diaphyseal stems, however it has been reported with both fixation techniques [19–21]. Shorter cemented stems are more easily deployed in patients with diaphyseal bowing, deformity, or those with ipsilateral hardware. Diaphyseal deformity secondary to previous trauma, dysplasia, or inflammatory arthropathies may not be amenable to a longer DES stem. In these cases, isolating fixation to the metadiaphyseal portion of the bone can help simplify reconstruction. Disadvantages of MES must also be considered when planning a revision TKA. In the revision setting, loss of articular bone can make component alignment difficult to gauge, a situation further complicated by the inability of a MES to reference the diaphysis for alignment. Furthermore, several authors have commented that removing a fully cemented stem in a re-revision often results in greater bone loss than uncemented DES [22–24]. Diaphyseal-engaging stems Diaphyseal-engaging stems are generally uncemented and press-fit to the diaphysis. The articular component is often cemented to the cut surface of the metaphysis which is described as a hybrid fixation. This technique has been well described by Haas et al. among others where the articular and metaphyseal portions of the implant are cemented and the diaphyseal-engaging portion of the stem is uncemented [10]. These stems generally are a minimum of 75 mm in length and differ from shorter stems in several ways [25]. Longer stems are frequently slotted and made of titanium; both of these design features decrease stress at the stem tip in an effort to decrease end-of-stem pain.[19, 21] Longer stems with a length greater than 150 mm are available with curved or bent geometry to match the natural bows of the femur or tibia. The length of a DES must be determined concurrently with the stem diameter. Longer stems that approach the isthmus of the bone will be narrower than wider stems that engage closer to the articular surface. No literature has clearly defined which is more important with regard to length vs. width; however, several principles have been determined which can help determine the ideal combination. Bistolfi recommended using a tibial stem no shorter than 75 mm when employing a rotatingplatform hinge for rTKA [25]. A recent study by Gililland et al. suggested press-fit stem length is determined as the minimal length required to achieve 4 cm of diaphyseal fit [26•]. The ideal width of an uncemented stem has been described by the Bcanal-fill-ratio^ (CFR), which is defined as the width of the stem divided by the width of the intramedullary canal. The authors recommended a minimal CFR of >0.85 to achieve a stable intramedullary fit [27]. There are several advantages of DES compared to a cemented MES (Table 1). Diaphyseal-engaging stems reference the diaphysis, which can be helpful for determining and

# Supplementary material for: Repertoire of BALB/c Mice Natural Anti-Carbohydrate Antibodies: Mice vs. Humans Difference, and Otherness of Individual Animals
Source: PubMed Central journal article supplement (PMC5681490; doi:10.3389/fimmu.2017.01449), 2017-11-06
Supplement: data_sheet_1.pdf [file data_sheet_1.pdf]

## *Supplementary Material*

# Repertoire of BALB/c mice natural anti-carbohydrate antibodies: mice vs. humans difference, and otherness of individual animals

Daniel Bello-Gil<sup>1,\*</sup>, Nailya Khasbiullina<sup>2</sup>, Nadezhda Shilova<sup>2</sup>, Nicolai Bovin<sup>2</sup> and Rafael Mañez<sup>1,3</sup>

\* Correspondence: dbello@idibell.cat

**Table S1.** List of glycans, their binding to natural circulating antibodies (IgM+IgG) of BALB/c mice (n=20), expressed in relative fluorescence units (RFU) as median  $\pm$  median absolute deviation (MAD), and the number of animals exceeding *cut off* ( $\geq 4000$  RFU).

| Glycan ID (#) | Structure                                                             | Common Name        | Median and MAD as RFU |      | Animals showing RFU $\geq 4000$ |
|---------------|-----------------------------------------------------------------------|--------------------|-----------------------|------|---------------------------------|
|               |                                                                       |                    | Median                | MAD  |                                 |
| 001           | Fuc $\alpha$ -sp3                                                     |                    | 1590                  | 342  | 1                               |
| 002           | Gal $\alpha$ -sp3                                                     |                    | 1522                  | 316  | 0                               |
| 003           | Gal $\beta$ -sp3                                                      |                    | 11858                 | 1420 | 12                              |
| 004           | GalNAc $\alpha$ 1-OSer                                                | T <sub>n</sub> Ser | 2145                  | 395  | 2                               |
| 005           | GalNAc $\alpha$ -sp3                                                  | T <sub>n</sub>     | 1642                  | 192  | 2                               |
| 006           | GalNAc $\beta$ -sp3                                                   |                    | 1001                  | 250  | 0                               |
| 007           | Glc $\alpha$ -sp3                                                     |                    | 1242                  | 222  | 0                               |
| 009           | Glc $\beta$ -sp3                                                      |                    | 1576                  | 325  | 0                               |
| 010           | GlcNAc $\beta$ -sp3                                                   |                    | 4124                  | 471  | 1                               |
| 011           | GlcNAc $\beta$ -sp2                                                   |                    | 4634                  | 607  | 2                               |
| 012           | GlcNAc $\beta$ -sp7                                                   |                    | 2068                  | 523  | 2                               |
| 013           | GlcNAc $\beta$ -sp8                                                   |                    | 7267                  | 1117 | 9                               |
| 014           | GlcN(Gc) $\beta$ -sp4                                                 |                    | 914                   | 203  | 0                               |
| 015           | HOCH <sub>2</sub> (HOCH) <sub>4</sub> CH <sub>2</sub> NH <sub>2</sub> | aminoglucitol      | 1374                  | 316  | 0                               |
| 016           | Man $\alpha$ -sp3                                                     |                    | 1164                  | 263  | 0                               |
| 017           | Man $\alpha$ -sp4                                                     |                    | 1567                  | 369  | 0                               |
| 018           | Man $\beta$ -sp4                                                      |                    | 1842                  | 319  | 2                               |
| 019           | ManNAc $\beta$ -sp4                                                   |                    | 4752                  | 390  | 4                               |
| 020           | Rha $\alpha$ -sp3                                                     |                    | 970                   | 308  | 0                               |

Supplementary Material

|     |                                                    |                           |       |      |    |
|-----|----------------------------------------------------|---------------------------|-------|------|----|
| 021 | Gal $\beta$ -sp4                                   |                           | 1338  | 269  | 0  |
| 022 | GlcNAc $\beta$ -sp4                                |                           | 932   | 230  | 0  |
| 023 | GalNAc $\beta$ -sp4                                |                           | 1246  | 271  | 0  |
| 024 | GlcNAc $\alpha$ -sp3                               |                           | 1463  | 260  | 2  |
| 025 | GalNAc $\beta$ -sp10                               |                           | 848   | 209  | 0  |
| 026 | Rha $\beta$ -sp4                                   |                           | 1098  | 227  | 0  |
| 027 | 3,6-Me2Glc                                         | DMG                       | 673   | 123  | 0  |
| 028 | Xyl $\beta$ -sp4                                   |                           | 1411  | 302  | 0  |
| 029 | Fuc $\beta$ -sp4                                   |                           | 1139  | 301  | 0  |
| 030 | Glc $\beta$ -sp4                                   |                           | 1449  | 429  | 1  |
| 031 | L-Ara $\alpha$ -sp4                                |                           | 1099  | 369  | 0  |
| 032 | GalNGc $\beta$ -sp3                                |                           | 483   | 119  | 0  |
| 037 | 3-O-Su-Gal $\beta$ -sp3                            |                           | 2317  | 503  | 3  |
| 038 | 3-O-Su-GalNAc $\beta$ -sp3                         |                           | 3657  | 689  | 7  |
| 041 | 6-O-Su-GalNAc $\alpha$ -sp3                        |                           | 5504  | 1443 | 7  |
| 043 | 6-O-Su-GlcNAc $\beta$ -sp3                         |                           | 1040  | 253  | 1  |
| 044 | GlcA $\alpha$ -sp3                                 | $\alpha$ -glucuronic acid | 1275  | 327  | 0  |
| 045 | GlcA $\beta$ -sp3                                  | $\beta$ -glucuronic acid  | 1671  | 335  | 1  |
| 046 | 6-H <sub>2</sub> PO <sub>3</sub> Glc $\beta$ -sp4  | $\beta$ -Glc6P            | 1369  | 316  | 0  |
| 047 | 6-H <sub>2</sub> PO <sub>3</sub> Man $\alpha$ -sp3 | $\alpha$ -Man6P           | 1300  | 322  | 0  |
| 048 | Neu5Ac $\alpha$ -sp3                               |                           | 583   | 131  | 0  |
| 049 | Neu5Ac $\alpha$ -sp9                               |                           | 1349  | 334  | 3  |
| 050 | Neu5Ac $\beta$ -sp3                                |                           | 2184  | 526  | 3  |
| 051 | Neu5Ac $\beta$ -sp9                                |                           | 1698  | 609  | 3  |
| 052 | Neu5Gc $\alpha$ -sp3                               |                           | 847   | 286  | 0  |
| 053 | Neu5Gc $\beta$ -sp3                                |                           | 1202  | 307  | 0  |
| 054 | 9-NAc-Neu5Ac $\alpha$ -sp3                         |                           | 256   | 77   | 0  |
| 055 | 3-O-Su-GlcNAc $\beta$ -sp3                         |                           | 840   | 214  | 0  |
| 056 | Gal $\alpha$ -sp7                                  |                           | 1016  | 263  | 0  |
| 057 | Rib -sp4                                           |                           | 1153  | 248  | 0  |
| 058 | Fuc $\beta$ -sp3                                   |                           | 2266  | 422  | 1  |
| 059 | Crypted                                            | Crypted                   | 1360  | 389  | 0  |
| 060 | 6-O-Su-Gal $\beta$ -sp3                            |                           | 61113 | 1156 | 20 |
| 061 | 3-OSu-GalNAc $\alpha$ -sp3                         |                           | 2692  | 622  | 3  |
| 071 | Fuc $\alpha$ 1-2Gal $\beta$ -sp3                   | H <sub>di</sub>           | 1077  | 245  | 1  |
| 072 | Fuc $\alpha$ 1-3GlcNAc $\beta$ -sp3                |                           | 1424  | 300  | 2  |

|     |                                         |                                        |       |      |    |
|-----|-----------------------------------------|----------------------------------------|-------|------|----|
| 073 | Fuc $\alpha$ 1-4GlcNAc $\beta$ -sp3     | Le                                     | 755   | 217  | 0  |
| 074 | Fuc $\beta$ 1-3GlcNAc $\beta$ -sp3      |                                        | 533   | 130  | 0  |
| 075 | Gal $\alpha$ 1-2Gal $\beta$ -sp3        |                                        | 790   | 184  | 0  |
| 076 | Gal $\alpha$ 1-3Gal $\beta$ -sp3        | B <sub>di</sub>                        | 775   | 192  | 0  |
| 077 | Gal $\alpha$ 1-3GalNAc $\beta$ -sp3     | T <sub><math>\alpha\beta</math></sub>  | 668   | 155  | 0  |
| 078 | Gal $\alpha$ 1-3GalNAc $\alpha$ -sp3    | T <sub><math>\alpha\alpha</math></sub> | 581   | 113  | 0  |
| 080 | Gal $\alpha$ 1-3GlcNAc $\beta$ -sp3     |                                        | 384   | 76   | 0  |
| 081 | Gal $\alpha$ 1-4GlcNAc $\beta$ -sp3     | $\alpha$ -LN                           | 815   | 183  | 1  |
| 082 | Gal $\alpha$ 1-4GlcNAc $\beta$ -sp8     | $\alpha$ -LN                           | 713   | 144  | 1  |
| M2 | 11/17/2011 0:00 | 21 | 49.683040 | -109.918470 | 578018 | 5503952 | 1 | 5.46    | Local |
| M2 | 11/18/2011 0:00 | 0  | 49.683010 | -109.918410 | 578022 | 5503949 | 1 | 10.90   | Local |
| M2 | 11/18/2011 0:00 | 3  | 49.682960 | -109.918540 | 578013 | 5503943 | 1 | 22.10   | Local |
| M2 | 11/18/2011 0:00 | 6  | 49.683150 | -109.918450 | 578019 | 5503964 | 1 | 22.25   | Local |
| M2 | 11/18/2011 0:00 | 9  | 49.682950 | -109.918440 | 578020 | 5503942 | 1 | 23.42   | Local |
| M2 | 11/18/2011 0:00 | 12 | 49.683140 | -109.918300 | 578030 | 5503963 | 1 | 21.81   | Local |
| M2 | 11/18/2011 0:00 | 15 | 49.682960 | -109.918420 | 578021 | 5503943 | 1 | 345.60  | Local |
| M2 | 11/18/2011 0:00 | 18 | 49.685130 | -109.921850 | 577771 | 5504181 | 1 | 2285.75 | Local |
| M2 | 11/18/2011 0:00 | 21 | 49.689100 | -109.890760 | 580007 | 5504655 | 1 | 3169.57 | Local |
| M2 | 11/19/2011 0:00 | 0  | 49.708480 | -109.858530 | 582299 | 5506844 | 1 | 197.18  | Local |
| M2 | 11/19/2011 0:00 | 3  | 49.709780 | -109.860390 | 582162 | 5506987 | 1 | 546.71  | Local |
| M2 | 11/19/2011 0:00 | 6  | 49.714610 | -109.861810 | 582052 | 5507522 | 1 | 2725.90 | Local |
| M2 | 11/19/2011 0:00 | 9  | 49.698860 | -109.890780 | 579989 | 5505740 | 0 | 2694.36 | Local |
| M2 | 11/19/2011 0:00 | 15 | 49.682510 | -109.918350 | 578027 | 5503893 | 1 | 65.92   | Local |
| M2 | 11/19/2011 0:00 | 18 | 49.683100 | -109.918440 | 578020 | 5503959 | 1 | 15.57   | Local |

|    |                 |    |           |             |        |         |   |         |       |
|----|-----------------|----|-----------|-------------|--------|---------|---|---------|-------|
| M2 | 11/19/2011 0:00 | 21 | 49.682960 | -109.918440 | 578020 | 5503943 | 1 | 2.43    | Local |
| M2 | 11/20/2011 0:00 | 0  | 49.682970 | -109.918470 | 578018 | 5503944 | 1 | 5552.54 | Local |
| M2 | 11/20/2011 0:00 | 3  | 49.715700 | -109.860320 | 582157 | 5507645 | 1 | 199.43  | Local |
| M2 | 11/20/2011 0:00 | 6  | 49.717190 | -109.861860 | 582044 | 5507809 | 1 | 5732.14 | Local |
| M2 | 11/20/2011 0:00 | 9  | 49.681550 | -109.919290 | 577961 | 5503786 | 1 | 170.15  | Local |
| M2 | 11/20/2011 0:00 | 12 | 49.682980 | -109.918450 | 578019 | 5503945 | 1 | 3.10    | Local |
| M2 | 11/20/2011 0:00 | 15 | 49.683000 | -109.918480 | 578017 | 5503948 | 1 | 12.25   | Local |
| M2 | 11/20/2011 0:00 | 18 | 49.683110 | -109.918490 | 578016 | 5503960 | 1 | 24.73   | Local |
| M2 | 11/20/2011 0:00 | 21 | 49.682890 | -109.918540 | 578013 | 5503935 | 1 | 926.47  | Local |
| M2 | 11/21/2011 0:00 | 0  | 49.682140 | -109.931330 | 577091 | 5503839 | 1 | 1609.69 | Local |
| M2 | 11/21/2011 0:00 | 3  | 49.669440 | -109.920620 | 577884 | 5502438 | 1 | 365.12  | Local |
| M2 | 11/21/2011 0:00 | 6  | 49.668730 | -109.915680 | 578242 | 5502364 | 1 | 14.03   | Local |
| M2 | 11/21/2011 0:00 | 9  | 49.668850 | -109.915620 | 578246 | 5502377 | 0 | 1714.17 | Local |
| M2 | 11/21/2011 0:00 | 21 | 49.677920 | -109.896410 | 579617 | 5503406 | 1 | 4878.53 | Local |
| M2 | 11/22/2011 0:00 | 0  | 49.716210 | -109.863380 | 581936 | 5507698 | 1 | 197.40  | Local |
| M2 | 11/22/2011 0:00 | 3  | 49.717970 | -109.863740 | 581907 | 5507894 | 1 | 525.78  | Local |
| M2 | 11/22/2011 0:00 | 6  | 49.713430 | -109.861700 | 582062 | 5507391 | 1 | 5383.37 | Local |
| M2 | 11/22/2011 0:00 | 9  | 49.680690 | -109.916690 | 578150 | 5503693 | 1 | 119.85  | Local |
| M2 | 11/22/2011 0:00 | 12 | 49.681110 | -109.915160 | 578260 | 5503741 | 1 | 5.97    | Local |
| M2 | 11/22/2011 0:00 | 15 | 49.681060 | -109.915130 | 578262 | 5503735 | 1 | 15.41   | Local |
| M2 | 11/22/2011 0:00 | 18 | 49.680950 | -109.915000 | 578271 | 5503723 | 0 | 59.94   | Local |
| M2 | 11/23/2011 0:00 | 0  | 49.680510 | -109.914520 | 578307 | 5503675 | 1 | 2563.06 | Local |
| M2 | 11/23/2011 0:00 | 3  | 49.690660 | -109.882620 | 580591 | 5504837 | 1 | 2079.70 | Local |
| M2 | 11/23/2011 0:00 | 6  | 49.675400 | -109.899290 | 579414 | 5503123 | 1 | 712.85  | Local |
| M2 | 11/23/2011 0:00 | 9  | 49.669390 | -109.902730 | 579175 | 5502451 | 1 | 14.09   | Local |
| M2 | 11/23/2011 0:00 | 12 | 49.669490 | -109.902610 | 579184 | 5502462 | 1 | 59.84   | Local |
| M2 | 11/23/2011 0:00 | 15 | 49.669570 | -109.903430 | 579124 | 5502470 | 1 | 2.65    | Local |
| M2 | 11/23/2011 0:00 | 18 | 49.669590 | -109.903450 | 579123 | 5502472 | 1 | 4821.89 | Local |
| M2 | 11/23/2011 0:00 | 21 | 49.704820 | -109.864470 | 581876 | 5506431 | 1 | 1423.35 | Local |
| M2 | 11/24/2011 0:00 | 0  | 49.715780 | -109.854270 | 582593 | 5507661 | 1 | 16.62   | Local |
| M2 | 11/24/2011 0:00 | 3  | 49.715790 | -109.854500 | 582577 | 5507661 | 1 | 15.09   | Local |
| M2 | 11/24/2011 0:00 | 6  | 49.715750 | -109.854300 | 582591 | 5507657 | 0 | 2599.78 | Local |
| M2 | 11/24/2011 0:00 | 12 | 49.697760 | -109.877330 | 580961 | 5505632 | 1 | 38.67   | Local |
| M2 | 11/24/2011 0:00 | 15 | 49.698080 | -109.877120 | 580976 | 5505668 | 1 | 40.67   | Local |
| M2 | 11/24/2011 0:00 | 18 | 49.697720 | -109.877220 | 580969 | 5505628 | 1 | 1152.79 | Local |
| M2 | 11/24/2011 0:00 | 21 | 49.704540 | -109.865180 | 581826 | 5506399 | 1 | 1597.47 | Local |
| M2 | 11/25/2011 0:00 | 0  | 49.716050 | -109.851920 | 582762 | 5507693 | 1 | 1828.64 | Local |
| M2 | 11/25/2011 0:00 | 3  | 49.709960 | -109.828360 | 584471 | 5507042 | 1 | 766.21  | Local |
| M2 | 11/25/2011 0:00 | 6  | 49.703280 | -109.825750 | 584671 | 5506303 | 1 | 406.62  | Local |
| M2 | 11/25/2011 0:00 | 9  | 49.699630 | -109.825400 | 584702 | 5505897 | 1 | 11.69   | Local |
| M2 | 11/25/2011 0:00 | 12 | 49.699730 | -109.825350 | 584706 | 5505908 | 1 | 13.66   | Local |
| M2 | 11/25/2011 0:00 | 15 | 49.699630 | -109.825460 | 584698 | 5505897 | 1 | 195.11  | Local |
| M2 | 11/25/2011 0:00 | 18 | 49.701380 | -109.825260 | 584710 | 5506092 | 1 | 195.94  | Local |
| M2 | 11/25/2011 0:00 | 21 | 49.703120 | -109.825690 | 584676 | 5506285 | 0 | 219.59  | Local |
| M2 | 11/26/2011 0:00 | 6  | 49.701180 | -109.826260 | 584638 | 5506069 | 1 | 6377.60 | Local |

Curr Rev Musculoskelet Med (2015) 8:407–412 Table. 1


Advantages and disadvantages of short metaphyseal-engaging stems vs. longer diaphyseal-engaging stems Metaphyseal-engaging stems (MES)

Diaphyseal-engaging stems (DES)


30–75 mm

>75 mm


Generally cemented


Small adjustments possible in medial/lateral and anterior/ posterior directions Avoids limb deformity or ipsilateral hardware

Generally uncemented Diaphyseal referencing to help with component alignment

Less end-of-stem pain Disadvantages Difficult to remove, can lead to more bone loss Decreased references for proper component alignment

Easier to remove if revision required Applicable in patients with previous distal femoral or proximal tibial osteotomy End-of-stem pain Without offset options can force articular components into suboptimal position Risk of periprosthetic fracture with canal preparation May not be applicable in setting of dysplasia or ipsilateral hardware